On November 28th, the Nez Perce-Clearwater National Forest (NPCNF) released the Final Environmental Impact Statement, Draft Record of Decision, and Draft Final Revised Forest Plan.

This Plan is critically important because it will dictate management of the 4-million-acre forest for decades to come. It’s also critical because the decisions made on the NPCNF affect what occurs on the adjacent Lolo National Forest (LNF).

To say we are disappointed in this draft decision is a huge understatement. Our concerns are specific to the proposed management of the Hoodoo Roadless Area; commonly known as the Great Burn.

Many of you have had the privilege of recreating in this amazing area. Straddling the Idaho and Montana border, this 252,000-acre roadless area is one of the largest and wildest roadless areas in the lower 48. Management is shared between the NPCNF and the LNF. The wilderness qualities of the Great Burn have been recognized by the US Forest Service and the area has been administratively recommended for inclusion in the National Wilderness Preservation System (NWPS) in both the Clearwater and Lolo National Forest Plans since the mid-1980s and managed as such.

The Great Burn has been included in 16 wilderness bills introduced to Congress by Idaho and Montana legislators since 1984. It is only a matter of time before the Great Burn will be permanently designated wilderness, unless a USFS decision jeopardizes its future.

Sadly, we’re afraid that time has come. The draft decision by the NPCNF supervisor removes 32,000 acres of recommended Wilderness from the Great Burn. The decision proposes snowmobiling and mountain biking in some of the wildest parts of the Great Burn as well as in areas where it will be next to impossible to keep snowmobilers from trespassing onto the LNF where snowmobiling is prohibited.

The proposed action allows snowmobiling up to the stateline which is also the boundary of the LNF. The stateline is an open meadowy ridge with numerous lake basins on the LNF. Though a ridgeline may be considered a recognizable feature for the purpose of keeping activities legal, if there are attractions in the adjacent closed area, our experience as recreation and wilderness managers has shown that there will be illegal intrusions into the closed area.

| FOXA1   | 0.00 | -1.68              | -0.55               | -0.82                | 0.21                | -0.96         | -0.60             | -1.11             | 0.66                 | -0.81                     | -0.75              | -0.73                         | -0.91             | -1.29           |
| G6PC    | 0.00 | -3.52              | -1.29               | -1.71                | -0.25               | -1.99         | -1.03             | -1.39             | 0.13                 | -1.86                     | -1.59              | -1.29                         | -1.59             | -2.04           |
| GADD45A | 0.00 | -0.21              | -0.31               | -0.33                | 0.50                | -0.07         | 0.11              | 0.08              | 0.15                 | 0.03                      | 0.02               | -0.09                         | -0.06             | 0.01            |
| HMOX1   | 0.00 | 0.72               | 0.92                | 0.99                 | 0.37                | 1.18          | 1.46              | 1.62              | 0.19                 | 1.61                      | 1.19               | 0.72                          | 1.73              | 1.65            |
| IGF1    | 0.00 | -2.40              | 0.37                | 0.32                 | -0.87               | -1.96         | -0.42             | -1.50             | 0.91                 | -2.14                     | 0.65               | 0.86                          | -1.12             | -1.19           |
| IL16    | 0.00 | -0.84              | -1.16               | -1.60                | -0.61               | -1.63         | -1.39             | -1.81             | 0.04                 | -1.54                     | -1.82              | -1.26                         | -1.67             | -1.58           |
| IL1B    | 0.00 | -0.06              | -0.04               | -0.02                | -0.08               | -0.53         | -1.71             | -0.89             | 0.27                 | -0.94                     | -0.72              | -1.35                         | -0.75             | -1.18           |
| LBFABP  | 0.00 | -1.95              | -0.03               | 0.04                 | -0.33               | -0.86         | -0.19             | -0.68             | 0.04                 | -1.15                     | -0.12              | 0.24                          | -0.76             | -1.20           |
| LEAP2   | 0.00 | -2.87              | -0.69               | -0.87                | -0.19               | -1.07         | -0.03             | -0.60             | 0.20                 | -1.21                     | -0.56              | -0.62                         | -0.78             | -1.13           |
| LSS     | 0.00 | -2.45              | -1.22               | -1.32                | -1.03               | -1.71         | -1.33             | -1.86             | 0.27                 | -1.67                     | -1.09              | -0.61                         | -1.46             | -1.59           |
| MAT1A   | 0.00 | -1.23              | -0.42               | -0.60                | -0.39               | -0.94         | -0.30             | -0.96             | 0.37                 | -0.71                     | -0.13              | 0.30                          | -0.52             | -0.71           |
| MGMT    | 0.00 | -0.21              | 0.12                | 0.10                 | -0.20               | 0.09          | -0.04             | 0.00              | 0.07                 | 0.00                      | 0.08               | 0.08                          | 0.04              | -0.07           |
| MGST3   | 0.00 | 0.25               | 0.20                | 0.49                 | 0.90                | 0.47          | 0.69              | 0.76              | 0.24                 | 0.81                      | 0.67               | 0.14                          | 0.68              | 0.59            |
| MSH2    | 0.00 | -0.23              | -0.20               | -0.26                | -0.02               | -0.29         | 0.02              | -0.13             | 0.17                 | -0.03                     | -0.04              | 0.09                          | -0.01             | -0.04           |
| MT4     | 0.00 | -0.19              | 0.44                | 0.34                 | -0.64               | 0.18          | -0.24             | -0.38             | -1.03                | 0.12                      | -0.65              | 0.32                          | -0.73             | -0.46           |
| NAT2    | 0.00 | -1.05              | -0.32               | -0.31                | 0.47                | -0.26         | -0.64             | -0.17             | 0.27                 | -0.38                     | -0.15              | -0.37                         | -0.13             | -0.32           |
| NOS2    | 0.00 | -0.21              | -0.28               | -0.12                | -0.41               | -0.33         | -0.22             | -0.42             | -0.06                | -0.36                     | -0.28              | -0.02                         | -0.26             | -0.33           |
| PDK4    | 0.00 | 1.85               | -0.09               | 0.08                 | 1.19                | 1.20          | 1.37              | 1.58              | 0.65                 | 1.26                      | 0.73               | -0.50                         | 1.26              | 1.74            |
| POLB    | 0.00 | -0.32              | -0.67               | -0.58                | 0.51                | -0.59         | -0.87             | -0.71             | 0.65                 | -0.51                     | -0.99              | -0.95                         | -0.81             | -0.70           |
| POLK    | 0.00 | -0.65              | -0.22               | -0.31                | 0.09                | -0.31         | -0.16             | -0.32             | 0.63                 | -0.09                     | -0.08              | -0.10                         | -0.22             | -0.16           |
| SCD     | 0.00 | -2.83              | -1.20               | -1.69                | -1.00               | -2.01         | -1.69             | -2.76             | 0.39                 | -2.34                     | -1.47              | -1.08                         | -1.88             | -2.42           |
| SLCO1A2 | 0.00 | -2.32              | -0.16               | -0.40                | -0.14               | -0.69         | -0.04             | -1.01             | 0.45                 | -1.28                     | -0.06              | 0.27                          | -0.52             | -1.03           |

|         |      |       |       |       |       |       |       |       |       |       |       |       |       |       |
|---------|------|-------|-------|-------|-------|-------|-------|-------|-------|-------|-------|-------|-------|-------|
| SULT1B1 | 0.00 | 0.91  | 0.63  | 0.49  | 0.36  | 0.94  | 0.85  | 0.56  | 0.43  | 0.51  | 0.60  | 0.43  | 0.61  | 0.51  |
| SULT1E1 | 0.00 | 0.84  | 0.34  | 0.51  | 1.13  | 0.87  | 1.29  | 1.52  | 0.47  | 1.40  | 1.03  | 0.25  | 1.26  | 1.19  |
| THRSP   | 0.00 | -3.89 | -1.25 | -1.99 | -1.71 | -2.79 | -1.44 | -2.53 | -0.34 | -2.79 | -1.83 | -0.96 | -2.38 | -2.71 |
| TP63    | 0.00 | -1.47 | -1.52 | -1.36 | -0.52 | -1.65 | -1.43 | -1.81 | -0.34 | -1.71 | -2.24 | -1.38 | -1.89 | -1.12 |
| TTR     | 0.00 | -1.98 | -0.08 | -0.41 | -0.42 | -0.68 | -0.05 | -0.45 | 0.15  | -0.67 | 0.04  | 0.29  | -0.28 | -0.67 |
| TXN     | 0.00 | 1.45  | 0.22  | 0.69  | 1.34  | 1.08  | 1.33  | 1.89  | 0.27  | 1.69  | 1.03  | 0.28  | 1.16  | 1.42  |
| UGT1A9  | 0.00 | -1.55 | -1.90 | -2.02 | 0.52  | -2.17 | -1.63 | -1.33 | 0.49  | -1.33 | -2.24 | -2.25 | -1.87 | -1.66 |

In fact, one of the basic tenets of recreation management is to make it as easy as possible for the public to be legal in their activities. This decision welcomes trespass onto the LNF and makes it impossible for the remaining recommended wilderness to ever be successfully managed as designated wilderness.

In preparation for the Forest Plan revision, the NPCNF completed an assessment of the qualities of roadless areas that would result in an area being recommended for inclusion in the NWPS. The NPCNF assessment gave one of the highest wilderness ratings, of any area, to the Great Burn.

Yet, the decision is to remove 32,000 acres thus jeopardizing the potential for the area ever being designated.  Why did they do this?  To appease a handful of elite high-mark snowmobilers and snowbikers who have been illegally snowmobiling in areas of the Great Burn that have been closed to snowmobiling and snowbiking since 1986.

Nothing in the EIS completed for the Forest Plan revision justifies this major change. The snowmobilers claim that they don’t have comparable areas in which to snowmobile and snowbike.  The fact is, there are over 100 miles of groomed snowmobile trails in that area.

Our heartfelt opinions are based on nearly 100 years of collective experience managing Wilderness and roadless areas in Idaho and Montana.

If you are as irate as we are about this proposal, please consider writing to Regional Forester Leanne Martin at USFS Forest Service Northern Region, 26 Fort Missoula Road, Missoula, MT 59804 or leanne.marten@usda.gov.

Kathy McAllister, Deputy Regional forester, USFS, Northern Region (retired); Chris McCarthy-Ryan, Wilderness Program Manager, USFS Northern Region (retired); Deb Gale, Wilderness Manager, Bitterroot National Forest (retired); Kari Gunderson, PhD, Wilderness Management Professor and Mission Mountains Wilderness Ranger (retired)

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